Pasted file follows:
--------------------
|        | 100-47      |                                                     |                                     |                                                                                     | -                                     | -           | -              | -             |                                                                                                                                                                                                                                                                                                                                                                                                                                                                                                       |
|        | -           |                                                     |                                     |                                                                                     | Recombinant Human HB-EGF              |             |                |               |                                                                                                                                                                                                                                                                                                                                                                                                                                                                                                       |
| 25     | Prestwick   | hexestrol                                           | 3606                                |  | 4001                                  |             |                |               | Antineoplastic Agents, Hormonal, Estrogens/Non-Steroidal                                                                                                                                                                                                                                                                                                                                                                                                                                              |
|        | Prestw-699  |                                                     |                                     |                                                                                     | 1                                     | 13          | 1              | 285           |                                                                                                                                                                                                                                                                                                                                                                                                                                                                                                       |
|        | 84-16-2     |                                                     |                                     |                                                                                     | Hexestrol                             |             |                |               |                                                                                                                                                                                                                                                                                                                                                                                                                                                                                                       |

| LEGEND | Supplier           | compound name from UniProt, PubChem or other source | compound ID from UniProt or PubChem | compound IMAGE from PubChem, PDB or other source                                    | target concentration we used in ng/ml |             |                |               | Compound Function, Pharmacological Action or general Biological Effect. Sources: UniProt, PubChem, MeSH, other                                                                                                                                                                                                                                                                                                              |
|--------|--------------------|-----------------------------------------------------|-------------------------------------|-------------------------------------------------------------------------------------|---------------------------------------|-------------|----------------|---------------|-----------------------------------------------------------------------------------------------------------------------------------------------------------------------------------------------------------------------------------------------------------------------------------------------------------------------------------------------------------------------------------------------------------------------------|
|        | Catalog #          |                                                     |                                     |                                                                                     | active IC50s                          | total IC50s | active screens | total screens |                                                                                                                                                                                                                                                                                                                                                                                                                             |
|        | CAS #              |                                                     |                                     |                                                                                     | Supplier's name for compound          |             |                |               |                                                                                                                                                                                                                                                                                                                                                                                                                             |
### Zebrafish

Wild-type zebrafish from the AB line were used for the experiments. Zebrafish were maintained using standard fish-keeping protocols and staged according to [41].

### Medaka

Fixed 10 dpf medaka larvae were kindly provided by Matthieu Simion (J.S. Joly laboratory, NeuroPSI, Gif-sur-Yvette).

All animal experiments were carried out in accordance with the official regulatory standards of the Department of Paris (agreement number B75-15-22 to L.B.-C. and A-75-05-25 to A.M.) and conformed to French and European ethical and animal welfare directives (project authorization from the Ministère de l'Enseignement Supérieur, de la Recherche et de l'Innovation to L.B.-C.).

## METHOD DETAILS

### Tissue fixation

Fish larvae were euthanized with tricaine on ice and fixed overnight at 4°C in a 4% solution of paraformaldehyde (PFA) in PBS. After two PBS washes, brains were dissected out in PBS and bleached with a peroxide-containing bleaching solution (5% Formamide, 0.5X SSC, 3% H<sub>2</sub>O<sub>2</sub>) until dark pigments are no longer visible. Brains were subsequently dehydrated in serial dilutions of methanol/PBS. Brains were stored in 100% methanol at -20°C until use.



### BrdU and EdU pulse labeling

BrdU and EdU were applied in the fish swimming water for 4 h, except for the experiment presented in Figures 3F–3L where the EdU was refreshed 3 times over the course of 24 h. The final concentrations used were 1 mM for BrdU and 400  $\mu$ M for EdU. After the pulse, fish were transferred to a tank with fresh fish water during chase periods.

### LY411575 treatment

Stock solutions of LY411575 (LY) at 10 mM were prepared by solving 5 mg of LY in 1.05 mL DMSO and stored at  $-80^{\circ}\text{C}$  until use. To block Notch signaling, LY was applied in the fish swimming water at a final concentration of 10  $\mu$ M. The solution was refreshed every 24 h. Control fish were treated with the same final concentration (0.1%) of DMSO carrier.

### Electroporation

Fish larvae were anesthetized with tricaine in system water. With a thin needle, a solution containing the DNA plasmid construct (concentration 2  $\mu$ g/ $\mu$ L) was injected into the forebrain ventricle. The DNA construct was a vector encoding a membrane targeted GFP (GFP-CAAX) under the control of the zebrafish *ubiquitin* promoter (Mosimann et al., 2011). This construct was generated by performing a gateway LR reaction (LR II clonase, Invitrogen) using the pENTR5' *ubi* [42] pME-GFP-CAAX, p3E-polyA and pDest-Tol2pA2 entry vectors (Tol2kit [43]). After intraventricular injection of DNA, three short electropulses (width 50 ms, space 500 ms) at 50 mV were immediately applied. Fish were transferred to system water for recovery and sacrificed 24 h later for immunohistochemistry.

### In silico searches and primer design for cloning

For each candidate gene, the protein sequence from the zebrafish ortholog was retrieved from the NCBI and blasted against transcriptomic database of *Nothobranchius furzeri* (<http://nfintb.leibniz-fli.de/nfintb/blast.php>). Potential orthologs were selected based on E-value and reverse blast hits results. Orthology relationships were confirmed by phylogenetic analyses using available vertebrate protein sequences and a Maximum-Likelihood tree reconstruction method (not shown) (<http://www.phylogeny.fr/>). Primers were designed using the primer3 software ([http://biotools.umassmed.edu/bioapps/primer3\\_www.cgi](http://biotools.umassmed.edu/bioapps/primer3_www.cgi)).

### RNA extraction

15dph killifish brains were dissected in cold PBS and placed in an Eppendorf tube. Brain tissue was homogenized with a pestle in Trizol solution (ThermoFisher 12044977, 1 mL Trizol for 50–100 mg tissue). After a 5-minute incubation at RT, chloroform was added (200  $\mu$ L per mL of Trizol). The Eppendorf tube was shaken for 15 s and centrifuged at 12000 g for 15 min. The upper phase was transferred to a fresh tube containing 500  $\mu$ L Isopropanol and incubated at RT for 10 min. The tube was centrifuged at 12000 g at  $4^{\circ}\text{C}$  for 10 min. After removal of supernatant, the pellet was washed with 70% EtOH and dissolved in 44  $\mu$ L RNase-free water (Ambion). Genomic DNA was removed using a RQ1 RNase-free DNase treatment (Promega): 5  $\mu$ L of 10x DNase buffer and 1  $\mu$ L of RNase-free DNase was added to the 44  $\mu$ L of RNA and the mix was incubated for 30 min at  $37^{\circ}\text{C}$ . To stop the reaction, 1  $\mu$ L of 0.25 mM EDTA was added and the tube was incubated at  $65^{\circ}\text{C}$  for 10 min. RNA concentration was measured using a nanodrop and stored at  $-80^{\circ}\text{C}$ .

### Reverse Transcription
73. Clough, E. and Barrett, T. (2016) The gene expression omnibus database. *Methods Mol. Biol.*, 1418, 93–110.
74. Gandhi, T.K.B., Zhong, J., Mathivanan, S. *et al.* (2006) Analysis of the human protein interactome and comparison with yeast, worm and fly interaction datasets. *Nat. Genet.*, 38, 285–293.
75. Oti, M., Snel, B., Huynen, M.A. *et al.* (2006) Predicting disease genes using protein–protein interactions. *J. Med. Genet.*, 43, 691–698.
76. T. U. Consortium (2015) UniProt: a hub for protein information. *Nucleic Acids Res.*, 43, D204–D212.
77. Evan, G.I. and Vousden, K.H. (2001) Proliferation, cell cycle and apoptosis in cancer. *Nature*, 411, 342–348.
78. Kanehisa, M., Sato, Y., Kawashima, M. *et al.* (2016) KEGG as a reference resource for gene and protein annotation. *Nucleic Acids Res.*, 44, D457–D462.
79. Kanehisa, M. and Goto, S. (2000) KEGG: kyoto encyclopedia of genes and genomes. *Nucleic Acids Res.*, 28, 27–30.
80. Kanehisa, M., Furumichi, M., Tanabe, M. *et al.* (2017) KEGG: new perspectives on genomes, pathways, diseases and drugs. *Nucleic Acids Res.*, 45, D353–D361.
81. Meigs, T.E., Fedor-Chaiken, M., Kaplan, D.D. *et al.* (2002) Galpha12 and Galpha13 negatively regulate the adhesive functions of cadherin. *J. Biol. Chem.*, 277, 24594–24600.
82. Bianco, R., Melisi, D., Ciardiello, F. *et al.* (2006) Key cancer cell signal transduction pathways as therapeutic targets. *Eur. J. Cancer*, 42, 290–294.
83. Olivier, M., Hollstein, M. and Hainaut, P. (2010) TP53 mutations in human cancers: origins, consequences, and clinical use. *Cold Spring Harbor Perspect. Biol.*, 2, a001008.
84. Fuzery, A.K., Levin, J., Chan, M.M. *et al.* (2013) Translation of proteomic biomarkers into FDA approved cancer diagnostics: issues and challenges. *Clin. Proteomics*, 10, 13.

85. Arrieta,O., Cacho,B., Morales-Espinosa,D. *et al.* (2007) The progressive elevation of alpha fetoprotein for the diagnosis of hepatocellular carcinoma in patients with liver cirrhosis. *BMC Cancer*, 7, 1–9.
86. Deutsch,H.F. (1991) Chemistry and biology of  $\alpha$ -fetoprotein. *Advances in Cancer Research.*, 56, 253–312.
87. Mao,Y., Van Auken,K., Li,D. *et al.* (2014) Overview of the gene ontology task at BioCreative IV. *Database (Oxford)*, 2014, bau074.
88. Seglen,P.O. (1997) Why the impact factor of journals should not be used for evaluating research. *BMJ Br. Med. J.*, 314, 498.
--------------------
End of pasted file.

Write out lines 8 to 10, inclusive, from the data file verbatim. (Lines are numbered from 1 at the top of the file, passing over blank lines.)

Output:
|        | Catalog #          |                                                     |                                     |                                                                                     | active IC50s                          | total IC50s | active screens | total screens |                                                                                                                                                                                                                                                                                                                                                                                                                             |
|        | CAS #              |                                                     |                                     |                                                                                     | Supplier's name for compound          |             |                |               |                                                                                                                                                                                                                                                                                                                                                                                                                             |
### Zebrafish